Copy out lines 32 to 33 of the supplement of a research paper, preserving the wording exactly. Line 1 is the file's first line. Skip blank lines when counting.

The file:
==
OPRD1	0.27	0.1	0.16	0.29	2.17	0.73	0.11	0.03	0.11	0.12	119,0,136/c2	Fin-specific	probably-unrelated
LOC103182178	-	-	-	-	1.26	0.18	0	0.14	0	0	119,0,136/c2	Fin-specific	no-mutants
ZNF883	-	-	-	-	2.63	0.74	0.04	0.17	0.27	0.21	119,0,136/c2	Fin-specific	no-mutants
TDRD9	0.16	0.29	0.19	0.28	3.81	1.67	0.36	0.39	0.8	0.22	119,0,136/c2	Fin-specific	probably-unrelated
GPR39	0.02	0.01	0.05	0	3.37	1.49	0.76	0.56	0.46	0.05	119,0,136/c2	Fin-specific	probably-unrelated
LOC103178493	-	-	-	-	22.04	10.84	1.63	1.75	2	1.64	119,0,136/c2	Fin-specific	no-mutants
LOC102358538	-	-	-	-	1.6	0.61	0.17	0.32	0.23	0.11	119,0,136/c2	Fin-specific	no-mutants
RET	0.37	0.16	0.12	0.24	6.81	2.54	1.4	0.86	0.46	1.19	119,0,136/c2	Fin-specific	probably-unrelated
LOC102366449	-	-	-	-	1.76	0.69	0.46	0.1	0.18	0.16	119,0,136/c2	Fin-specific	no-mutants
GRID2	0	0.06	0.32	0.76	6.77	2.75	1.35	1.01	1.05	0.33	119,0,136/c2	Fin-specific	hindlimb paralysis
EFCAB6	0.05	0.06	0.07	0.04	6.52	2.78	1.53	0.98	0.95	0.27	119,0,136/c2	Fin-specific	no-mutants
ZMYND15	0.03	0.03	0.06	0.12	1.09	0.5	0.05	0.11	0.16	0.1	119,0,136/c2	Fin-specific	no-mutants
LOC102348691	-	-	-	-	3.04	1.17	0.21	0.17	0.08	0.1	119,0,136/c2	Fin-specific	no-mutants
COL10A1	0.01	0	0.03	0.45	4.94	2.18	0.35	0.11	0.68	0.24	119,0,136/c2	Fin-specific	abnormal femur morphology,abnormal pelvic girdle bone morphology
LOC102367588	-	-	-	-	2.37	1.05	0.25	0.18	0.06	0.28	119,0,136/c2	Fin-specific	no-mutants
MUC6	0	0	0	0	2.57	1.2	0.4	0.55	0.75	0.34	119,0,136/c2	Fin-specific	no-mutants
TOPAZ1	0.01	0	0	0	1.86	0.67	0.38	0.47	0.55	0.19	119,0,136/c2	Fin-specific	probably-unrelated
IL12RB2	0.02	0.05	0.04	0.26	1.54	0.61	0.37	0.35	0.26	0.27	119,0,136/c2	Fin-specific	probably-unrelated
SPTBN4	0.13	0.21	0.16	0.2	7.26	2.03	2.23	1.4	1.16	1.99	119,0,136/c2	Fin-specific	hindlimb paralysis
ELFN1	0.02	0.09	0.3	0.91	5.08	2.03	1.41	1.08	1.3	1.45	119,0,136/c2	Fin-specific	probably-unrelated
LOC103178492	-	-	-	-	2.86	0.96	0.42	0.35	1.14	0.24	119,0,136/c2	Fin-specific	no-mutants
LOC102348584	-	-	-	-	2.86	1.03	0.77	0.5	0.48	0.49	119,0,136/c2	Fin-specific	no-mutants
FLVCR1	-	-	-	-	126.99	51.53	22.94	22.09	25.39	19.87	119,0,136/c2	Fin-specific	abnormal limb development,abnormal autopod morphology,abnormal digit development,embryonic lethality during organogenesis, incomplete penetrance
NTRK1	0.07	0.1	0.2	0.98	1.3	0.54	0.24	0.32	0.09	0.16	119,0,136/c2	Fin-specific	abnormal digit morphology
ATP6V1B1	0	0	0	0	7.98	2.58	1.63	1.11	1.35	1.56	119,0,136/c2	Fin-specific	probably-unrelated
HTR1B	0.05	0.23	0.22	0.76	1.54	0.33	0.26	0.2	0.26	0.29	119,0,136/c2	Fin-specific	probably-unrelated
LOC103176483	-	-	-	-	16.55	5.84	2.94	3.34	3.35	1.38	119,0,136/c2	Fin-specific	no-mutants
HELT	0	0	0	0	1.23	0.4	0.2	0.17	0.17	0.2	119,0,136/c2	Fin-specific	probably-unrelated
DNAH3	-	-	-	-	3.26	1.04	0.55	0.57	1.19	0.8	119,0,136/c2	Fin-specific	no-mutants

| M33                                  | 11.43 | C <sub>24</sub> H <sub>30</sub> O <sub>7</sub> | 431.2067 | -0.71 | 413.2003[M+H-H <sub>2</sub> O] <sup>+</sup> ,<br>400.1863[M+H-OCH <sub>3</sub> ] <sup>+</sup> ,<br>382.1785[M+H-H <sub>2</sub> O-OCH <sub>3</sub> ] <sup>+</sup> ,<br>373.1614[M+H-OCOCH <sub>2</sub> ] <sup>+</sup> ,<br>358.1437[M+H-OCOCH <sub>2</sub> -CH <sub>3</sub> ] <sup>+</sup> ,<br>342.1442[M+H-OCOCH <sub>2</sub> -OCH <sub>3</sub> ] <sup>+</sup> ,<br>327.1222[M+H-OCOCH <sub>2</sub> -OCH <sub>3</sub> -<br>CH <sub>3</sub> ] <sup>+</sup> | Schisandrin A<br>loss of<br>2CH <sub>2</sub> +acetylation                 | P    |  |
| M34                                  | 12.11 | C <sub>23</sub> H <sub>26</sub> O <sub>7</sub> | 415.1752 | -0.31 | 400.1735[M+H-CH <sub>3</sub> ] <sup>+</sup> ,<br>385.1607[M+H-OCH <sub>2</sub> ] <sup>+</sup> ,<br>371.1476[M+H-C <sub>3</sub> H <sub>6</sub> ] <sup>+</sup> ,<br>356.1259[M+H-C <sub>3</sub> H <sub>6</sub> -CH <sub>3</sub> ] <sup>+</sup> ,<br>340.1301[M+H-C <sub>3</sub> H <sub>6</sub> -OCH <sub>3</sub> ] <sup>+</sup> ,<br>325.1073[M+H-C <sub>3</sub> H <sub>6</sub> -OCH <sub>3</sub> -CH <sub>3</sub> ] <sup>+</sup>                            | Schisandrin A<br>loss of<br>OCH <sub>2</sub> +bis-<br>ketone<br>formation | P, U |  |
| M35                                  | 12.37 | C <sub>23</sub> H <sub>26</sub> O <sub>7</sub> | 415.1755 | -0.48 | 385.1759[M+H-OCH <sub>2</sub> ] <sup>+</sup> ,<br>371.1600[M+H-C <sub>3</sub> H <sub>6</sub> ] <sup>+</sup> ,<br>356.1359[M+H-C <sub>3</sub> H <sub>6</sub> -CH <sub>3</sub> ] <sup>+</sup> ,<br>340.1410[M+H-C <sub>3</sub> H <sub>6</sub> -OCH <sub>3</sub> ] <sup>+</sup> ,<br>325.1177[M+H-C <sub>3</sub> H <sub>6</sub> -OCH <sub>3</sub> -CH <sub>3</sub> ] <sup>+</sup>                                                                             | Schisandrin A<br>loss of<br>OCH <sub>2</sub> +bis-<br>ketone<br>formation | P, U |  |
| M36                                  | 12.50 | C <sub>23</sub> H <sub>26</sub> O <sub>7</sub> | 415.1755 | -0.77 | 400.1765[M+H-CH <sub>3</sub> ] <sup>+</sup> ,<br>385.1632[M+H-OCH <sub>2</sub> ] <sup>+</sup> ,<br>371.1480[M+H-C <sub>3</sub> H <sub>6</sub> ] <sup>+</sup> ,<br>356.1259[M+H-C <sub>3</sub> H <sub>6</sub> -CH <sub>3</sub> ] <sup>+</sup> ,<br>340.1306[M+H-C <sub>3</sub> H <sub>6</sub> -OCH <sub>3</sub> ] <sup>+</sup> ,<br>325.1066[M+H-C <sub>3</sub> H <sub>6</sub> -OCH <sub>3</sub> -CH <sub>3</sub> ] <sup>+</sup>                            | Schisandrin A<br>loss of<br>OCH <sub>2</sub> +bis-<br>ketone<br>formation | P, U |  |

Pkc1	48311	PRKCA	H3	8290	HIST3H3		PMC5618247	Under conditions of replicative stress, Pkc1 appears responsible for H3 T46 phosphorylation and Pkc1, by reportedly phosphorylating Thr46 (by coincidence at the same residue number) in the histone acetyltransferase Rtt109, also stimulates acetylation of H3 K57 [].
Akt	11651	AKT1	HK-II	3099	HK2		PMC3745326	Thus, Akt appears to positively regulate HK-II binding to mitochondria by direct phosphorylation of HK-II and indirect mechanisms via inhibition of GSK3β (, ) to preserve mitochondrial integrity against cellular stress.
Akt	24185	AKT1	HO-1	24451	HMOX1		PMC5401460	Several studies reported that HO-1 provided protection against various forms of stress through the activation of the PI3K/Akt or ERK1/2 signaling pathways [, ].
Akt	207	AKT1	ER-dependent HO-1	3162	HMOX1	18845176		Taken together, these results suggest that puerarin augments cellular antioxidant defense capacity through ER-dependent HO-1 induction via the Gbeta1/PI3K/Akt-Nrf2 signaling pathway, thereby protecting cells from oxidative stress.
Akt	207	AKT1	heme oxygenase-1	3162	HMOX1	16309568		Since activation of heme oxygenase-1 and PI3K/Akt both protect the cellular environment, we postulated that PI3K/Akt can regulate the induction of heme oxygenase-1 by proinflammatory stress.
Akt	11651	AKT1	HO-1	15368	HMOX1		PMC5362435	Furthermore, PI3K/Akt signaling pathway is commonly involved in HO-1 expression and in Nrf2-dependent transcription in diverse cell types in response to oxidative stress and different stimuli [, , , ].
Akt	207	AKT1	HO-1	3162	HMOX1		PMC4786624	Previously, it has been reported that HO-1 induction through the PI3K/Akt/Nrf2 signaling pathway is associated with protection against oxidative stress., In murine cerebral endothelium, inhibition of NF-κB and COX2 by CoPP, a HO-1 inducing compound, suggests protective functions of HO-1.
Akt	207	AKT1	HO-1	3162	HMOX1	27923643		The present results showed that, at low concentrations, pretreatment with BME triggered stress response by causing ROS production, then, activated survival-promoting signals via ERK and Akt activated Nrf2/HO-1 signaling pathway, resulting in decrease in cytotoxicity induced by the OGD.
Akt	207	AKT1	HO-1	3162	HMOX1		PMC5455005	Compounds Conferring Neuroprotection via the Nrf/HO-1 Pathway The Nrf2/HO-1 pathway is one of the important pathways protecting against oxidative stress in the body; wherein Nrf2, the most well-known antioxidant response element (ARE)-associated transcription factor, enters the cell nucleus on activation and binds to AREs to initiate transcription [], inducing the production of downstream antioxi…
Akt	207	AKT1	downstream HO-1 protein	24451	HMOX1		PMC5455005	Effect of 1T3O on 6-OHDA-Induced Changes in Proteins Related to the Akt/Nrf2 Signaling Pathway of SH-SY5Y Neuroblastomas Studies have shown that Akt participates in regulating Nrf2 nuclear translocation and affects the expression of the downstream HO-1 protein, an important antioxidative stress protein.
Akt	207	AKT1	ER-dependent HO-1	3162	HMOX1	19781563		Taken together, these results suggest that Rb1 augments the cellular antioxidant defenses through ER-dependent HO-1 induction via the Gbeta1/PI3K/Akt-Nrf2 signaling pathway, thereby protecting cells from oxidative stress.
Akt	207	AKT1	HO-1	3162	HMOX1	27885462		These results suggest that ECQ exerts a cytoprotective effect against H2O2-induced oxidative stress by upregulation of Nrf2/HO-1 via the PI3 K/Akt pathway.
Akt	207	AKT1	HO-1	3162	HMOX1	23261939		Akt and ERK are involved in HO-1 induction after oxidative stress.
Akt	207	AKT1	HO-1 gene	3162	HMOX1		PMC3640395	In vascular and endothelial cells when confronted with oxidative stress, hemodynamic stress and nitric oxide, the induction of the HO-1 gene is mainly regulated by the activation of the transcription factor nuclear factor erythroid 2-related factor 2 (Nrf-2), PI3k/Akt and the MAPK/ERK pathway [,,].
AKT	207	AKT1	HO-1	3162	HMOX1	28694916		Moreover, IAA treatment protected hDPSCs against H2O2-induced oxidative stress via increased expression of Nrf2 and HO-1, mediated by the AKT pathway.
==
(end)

| M35                                  | 12.37 | C <sub>23</sub> H <sub>26</sub> O <sub>7</sub> | 415.1755 | -0.48 | 385.1759[M+H-OCH <sub>2</sub> ] <sup>+</sup> ,<br>371.1600[M+H-C <sub>3</sub> H <sub>6</sub> ] <sup>+</sup> ,<br>356.1359[M+H-C <sub>3</sub> H <sub>6</sub> -CH <sub>3</sub> ] <sup>+</sup> ,<br>340.1410[M+H-C <sub>3</sub> H <sub>6</sub> -OCH <sub>3</sub> ] <sup>+</sup> ,<br>325.1177[M+H-C <sub>3</sub> H <sub>6</sub> -OCH <sub>3</sub> -CH <sub>3</sub> ] <sup>+</sup>                                                                             | Schisandrin A<br>loss of<br>OCH <sub>2</sub> +bis-<br>ketone<br>formation | P, U |  |
| M36                                  | 12.50 | C <sub>23</sub> H <sub>26</sub> O <sub>7</sub> | 415.1755 | -0.77 | 400.1765[M+H-CH <sub>3</sub> ] <sup>+</sup> ,<br>385.1632[M+H-OCH <sub>2</sub> ] <sup>+</sup> ,<br>371.1480[M+H-C <sub>3</sub> H <sub>6</sub> ] <sup>+</sup> ,<br>356.1259[M+H-C <sub>3</sub> H <sub>6</sub> -CH <sub>3</sub> ] <sup>+</sup> ,<br>340.1306[M+H-C <sub>3</sub> H <sub>6</sub> -OCH <sub>3</sub> ] <sup>+</sup> ,<br>325.1066[M+H-C <sub>3</sub> H <sub>6</sub> -OCH <sub>3</sub> -CH <sub>3</sub> ] <sup>+</sup>                            | Schisandrin A<br>loss of<br>OCH <sub>2</sub> +bis-<br>ketone<br>formation | P, U |  |